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Iraq's national museum partially reopened

(Xinhua)

08:58, April 17, 2012

BAGHDAD, April 16 (Xinhua) -- Iraq's National Museum, which was looted after U.S. troops entered Baghdad in 2003, is now partially reopened for visits of diplomatic corps in Baghdad and some foreign dignitaries, an Iraqi official told Xinhua.

"The National Museum is ready to receive visitors, but currently its doors are only opened for official visits as a first step in preparation for its opening soon to the public," Mudhir al- Zuhairy, spokesman of the Iraqi State Board of Antiquities and Heritage told Xinhua.

The museum in central the Iraqi capital has been receiving some diplomatic corps in Baghdad and some groups of foreigners who are guests of the government, Zuhairy said, adding that some groups of tourists also visited the museum recently following coordination with the Iraqi Board of Tourism in advance.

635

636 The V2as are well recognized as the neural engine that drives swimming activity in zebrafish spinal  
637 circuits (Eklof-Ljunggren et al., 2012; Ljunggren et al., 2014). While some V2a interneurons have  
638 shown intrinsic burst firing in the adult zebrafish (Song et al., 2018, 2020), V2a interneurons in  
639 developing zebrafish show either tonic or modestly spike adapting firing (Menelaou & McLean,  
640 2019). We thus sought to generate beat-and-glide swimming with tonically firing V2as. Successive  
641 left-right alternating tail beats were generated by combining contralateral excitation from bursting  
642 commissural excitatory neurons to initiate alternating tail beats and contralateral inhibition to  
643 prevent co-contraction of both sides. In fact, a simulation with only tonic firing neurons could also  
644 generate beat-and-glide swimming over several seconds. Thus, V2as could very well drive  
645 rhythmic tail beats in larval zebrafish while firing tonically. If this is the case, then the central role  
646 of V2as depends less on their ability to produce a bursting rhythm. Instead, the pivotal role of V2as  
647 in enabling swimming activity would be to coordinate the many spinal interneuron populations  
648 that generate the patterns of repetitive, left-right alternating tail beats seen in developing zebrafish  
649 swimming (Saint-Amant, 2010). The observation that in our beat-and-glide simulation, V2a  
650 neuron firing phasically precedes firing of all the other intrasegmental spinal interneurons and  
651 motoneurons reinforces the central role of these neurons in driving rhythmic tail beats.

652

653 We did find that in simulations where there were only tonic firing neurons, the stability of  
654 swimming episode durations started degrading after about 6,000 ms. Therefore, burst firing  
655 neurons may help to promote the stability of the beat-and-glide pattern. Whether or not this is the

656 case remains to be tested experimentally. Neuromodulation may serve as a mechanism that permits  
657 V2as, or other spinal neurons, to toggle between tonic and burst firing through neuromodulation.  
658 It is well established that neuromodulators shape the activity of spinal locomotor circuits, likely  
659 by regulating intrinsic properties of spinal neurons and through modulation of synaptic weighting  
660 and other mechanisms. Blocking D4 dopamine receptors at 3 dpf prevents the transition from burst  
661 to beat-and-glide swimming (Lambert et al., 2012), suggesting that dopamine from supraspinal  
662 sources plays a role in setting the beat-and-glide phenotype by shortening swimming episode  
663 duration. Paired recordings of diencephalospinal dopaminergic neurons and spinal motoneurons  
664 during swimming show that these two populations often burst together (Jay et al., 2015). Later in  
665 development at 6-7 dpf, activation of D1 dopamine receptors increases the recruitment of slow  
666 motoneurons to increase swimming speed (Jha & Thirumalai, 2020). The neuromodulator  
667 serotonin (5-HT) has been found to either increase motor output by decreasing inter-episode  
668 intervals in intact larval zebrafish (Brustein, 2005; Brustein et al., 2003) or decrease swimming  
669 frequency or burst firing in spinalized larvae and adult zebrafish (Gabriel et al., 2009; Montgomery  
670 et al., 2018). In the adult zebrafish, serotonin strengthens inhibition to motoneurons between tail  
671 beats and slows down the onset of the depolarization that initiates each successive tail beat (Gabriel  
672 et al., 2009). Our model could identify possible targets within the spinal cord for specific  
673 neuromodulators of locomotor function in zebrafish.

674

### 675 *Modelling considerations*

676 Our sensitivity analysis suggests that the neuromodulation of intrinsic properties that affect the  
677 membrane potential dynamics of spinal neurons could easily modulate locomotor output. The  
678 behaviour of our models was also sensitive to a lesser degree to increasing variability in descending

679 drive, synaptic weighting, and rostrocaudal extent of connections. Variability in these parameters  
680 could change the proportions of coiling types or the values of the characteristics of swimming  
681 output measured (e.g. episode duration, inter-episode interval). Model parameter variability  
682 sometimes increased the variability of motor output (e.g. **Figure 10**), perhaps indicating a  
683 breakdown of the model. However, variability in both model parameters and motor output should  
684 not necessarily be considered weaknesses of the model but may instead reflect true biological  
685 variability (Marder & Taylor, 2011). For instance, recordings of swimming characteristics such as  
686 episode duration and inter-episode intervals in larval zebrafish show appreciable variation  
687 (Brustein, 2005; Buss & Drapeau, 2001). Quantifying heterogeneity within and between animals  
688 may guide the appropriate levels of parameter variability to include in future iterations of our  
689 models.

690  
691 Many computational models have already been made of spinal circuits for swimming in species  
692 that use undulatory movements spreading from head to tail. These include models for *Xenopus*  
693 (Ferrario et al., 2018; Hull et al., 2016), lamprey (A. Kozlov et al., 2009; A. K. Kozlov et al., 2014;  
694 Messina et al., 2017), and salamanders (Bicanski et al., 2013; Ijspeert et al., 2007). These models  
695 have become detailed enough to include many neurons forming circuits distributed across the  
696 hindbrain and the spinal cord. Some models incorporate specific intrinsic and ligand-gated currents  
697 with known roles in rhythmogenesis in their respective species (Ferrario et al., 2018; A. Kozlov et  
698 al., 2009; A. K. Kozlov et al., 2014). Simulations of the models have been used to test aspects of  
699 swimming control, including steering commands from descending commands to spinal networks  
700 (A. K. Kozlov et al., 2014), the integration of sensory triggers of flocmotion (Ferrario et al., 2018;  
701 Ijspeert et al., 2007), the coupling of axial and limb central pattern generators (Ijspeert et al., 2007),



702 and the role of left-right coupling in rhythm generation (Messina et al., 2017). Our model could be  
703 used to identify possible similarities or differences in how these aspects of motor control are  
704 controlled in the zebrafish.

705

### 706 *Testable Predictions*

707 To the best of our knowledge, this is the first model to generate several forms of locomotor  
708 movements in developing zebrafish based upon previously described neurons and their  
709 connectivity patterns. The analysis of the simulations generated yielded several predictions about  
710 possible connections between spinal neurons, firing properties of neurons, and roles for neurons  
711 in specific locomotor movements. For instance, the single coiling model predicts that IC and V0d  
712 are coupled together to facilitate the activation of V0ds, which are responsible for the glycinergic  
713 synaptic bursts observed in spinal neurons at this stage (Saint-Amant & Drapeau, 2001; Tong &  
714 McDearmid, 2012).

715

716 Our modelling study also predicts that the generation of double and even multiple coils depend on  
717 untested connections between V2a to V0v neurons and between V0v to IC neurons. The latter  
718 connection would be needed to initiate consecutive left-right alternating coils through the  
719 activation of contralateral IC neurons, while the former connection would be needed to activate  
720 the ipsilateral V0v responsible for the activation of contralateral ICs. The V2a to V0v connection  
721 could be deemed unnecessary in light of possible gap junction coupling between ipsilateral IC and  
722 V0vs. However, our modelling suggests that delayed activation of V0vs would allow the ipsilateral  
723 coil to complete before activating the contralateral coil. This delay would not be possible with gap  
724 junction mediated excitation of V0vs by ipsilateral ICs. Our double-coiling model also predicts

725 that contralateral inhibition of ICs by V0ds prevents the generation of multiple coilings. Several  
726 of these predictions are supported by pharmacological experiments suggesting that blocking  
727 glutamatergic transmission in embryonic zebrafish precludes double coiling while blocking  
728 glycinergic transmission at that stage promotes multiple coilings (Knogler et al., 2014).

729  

Up to 15,000 artifacts of Iraqi treasure-trove from the Stone Age through the Babylonian, Assyrian and Islamic periods, were stolen or destroyed by looters after the fall of Saddam Hussein's regime, which was toppled by U.S.-led troops.

U.S. troops, the only dominated power in Baghdad streets at the time, were criticized for not protecting the museum's precious collections.

So far, Iraqi and world culture officials have struggled to retrieve the treasures looted from the museum with limited success.

Officials from the international body of UNESCO said that up to 7,000 pieces are still missing, including about 40 to 50 considered to be of great historic importance.

Iraqi officials said that some important artifacts were spared as they had kept some at secret sites several weeks before the U.S. -led invasion.

However, they said that the fragile security situation in the country during the years that followed the collapse of Saddam's regime left hundreds of ruin sites across the country in the hands of looters who carried out random excavations in known and mostly unknown ruin sites and stole dozens of thousands of unknown antiquities -- many of which have been smuggled outside the country.

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